Digital Top Stories

Google Music launches

By | Published on Thursday 17 November 2011

Google Music

So, Google Music proper is here, people. Well, it is in America. But hey, we got Spotify first, plus we managed to offload Piers Morgan on that lot as a “serious journalist”, ha, I think we’re ahead.

Anyway, as expected the web giant announced its big music offer in LA yesterday, transforming the digital locker service Google launched earlier this year – that time without the music companies on board – into a fully fledged, fully (nearly) licensed, download, cloud storage, mobile play, social media recommendation and artist profile service, backed by three of the four majors and most of the independents, including, crucially, the digital rights body representing the bigger indies, Merlin. So, despite talk of Google having to put its music offer live with large portions of the mainstream music catalogue missing, in the end only Warner’s recordings aren’t included, and I think all of us, at some point, has had to put a digital music service live without Warner on board.

I think it’s fair to say response to Google’s big music announcement has been mixed. Little was announced that we weren’t expecting, and in reality the slick new platform doesn’t really offer anything not already on the digital music market. And all of this has been a very long time coming, we having expected Google to launch something like this on various occasions over the years when other “big music announcements” were promised. Plus, Apple-style, everything on the all new Google Music is pretty locked to the Google platform, rather than integrating other social media and music services.

But, arguably, no one other digital music service currently offers the combination of functionality Google’s new platform will provide. And there will be no subscription fees, not even for the digital locker element (the Google locker was free during beta, but subscription charges had been expected long term). And by being fully integrated with the Android Market store the reach is potentially huge, as the number of Android-powered smart-phones around the world continues to rocket.

It was probably the potential of the Android integration that wooed the music companies in the end. Although most of the music rights owners already enjoy a good and lucrative relationship with Google’s YouTube division, their past relations with the rest of the web giant have been mixed – many feel the company should be doing more to stop copyright infringing services from appearing in Google searches and from earning from Google ads, and most were very pissed off when the web firm announced the initial launch of its digital locker earlier this year without any label deals in place (even though, technically, no such deals were required for the beta offer).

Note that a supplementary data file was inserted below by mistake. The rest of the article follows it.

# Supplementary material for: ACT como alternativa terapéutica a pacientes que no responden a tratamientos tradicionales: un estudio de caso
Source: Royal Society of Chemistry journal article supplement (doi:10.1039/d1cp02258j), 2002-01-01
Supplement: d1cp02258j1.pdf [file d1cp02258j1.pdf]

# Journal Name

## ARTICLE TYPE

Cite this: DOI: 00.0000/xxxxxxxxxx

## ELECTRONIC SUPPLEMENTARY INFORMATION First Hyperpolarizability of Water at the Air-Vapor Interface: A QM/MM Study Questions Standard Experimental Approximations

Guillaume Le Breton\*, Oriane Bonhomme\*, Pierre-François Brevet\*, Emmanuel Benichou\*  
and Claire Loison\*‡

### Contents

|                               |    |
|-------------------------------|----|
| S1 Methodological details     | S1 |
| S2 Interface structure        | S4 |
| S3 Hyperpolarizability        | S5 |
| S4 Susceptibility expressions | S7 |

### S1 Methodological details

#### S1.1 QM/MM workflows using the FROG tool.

Three other things stood out at the big announcement, though. First, having Merlin on board at launch is a coup, given many of the other big music launches have left the key indies out in the cold, despite the people behind said launches often claiming an affinity with the grass roots creative community.

Second, the social networking integration – although limited to Google’s own Plus social network – will enable users to offer their followers a full track preview of any songs they buy and recommend. Google reps were very keen to stress how this was ground breaking. In Europe, of course, mflow has offered that service for sometime, and with limited success, although having the full-track-preview-of-peer-recommended-songs functionality integrated with a bigger music offer with an existing sizable user base will likely make its impact more noticeable.

And third, the artist hub will let self-releasing artists get their music into the Google Music platform from launch in a simple way, offering various bits of functionality akin to direct-to-fan service providers like Topspin and Bandcamp. If cleverly integrated with YouTube – the biggest streaming service on the net – and the new sell-through store the Google video site is launching, that could make quite a compelling combination of services for DIY talent.

There’s exclusive content and free tracks galore as well, though that all that seemed rather run of the mill. In fact, while the various Google reps who took to the stage, to deliver their best Steve Jobs impressions (while sneaking looks at a stage-level teleprompter every 37 seconds), often implied they were leading some kind of revolution with their big music offer, as we say, pretty much everything Google Music will do is already being done pretty well elsewhere.

But, that’s not to say that the fact Google has finally entered the market with a decent music service, and one that brings lots of functionality into one place, and which is extra-friendly to independent and self-releasing artists, and which is fully integrated with millions of smartphones, isn’t important. Which leads us to the next big question of course – when, exactly, will this come to Europe?



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